“If you cut a corner and he’s way ahead of you, it’s a risky issue, ‘cause you don’t know if he’s holding the gun,” said Feliciano. “The closer you are during the foot chase, the better.”

How do you know if you are close enough? Training and experience can help, sure, but in the end the decision is a gamble made in a fraction of a second.

Feliciano made his mental coin flip—and decided to follow the suspect.

Yet again his instinct proved right. The man crossed a small door into one of the side courtyards. He fell face-first on the concrete floor, with Feliciano’s weight holding him down.

An Eternal Minute

By then, DeCrescenzo had caught up with his partner. Feliciano was struggling to subdue the suspect, who just wouldn’t give his hands.

“He fell down face first. He had his hand inside his waistband,” Feliciano said. “So I didn’t know if he was going to pull out the gun or whatever it is. Then is when you need to use a little bit of force to make him comply.”

When the cops finally managed to subdue the suspect, they pulled a gun from his waistband. No surprises there. Except that it wasn’t the nine millimeters they were expecting. It was a Magnum .44—a gun powerful enough to shoot and kill a polar bear or even an elephant.

The cops laid the gun on the grass, a long metal snake, and began documenting the scene with photographs.

Then they looked up and noticed 30 pairs of less-than-friendly eyes staring right at them.

“It’s not a pretty picture,” Feliciano said of the crowd. “Anything could go wrong. There might be one gun; there might be several guns. They are either going to come and try to take the arrestee from you, or they’re going to try to hurt you. So at that point we requested backup.”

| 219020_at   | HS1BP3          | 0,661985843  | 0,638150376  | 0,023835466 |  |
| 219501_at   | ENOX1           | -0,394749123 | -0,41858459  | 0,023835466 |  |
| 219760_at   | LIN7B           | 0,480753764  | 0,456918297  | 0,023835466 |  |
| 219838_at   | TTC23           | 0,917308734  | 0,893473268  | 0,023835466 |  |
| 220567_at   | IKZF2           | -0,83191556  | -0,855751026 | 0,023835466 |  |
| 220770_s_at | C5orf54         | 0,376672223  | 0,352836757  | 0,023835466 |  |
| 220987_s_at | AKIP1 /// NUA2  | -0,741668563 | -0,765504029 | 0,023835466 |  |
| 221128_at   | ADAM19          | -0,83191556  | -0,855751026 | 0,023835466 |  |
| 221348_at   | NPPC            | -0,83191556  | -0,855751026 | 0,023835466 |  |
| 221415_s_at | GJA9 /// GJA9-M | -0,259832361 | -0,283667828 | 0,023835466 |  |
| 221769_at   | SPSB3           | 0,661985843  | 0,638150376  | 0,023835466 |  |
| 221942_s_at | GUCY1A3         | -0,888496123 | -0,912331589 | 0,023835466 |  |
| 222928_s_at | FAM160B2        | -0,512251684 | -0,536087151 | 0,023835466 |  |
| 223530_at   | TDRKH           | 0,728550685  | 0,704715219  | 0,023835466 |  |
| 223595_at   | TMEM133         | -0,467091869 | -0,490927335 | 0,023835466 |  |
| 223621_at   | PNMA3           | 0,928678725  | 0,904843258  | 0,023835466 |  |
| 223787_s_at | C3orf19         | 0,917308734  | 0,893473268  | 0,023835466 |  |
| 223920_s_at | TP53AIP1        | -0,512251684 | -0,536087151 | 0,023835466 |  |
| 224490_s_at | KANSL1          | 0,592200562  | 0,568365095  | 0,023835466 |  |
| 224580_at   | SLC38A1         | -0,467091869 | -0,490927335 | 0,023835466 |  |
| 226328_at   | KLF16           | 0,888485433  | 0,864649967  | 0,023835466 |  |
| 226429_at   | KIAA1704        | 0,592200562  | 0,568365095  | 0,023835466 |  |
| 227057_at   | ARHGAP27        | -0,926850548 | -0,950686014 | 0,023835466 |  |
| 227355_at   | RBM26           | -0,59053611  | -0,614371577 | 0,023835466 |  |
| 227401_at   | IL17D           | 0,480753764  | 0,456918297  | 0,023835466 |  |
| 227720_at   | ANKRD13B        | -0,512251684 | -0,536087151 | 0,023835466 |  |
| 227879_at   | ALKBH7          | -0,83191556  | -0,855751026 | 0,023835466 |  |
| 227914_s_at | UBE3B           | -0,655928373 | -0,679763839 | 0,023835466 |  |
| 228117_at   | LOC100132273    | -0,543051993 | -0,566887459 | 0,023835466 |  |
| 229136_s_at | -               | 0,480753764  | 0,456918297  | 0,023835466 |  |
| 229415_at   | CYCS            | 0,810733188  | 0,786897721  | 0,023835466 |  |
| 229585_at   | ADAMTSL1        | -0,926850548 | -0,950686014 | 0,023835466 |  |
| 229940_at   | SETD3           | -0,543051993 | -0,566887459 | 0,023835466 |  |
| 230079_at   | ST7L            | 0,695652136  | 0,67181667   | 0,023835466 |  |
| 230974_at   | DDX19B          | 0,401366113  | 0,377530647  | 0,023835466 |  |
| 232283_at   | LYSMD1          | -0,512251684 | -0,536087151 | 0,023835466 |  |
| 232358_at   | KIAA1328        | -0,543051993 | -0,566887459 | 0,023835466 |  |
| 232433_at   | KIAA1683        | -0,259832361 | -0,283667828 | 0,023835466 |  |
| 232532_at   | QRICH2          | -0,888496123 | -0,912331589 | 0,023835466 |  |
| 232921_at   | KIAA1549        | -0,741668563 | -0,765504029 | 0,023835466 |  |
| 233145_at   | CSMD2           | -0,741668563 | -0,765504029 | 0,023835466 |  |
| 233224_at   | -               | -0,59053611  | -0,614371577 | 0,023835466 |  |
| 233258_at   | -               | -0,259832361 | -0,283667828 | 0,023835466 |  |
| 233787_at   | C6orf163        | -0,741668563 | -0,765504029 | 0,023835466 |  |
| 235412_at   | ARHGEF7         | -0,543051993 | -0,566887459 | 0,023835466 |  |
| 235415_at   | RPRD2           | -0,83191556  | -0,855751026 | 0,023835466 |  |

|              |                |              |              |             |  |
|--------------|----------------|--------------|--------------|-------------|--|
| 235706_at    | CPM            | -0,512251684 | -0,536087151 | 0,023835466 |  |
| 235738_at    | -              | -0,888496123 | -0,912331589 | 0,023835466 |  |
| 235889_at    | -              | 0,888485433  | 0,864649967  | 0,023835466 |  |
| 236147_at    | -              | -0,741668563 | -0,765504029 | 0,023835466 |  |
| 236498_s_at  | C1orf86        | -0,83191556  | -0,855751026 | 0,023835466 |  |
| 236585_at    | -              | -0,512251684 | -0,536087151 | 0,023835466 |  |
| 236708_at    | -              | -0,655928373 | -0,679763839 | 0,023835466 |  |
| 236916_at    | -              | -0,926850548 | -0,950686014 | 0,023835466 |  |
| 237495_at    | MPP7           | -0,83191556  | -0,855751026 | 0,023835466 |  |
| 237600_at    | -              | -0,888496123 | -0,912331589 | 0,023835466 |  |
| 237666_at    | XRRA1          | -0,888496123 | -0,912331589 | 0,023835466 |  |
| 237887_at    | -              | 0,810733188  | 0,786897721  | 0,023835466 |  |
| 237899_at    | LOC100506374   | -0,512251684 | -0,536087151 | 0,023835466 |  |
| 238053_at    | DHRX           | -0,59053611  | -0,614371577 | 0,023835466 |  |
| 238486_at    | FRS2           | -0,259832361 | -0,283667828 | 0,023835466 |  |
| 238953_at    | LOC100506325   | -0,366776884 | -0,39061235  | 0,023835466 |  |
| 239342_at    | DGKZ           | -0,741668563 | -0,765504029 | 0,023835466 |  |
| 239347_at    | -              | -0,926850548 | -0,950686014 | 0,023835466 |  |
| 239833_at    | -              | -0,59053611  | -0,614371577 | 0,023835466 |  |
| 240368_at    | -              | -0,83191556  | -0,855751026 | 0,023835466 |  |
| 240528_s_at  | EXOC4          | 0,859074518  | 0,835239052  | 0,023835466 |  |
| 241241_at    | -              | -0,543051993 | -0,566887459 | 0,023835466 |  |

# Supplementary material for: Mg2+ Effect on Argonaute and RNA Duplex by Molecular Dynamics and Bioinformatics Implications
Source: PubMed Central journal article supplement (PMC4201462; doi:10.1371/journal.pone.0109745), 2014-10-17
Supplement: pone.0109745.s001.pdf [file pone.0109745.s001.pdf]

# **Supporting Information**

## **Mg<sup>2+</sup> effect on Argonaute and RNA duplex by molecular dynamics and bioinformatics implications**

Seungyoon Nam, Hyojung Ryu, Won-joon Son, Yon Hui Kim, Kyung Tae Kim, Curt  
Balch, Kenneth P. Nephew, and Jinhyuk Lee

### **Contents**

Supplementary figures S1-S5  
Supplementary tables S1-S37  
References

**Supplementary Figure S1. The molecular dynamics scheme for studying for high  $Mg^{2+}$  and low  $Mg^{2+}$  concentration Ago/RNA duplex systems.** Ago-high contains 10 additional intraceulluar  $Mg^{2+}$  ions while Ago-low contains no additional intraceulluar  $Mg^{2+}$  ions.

The situation grew tense. The seconds grew longer. The crowd kept coming closer to the officers, yelling at them, threatening and insulting, according to Feliciano and DeCrecenzo.

Then, finally, came a welcome sound—a police siren. The first unit of backup arrived.

Less than a minute had gone by. It felt like an eternity.

“It was only one minute, but one minute in that kind of high stress feels like forever,” said Feliciano.

The mix of fear of and hostility to the cops that exists in the projects was out in the open Wednesday afternoon. As they returned to the housing complex to recreate the events of two evenings earlier, they were received with yells from the residents.

“Run!” somebody yelled in the next court as the officers stepped forward. “Cops!”

The Glory Of A Magnum—& The Homeward Imperative

Feliciano and DeCrescenzo took the arrested man into custody, and left the housing complex unharmed. The arrestee, who was born in 1981, faces seven felony and misdemeanor charges. He has previously been convicted five times on narcotics and assault and interfering charges since 2003, according to the state’s judicial website.

“He thought he was Dirty Harry,” Sgt. Zona said of the suspect. “He ran into the wrong cops.”

The officers called Monday night/Tuesday morning a good shift—a night that brought them “glory.” Not every cop gets to take a Magnum off the streets every week.

“Me and Martin, we are in for the drugs and the guns,” said DeCrescenzo. “It is the little things that help the community, but what gives us the most satisfaction is the big stuff.”

Feliciano and DeCrescenzo have had their share of “glory.” Among many achievements in their respective four and three years in the force, the pair has snatched a Mac 11 sub-machine-gun from the hands of a gangster. Feliciano also participated in the largest federal sweep in Connecticut’s history, Operation Bloodline.

Feliciano is not easily intimidated. He cut his policing teeth in the mean streets of San Juan, Puerto Rico, where he served for three years. If you thought New Haven has a lot of crime, he said, you clearly have never been an officer in the island.

“People there just don’t give a shit,” said Feliciano.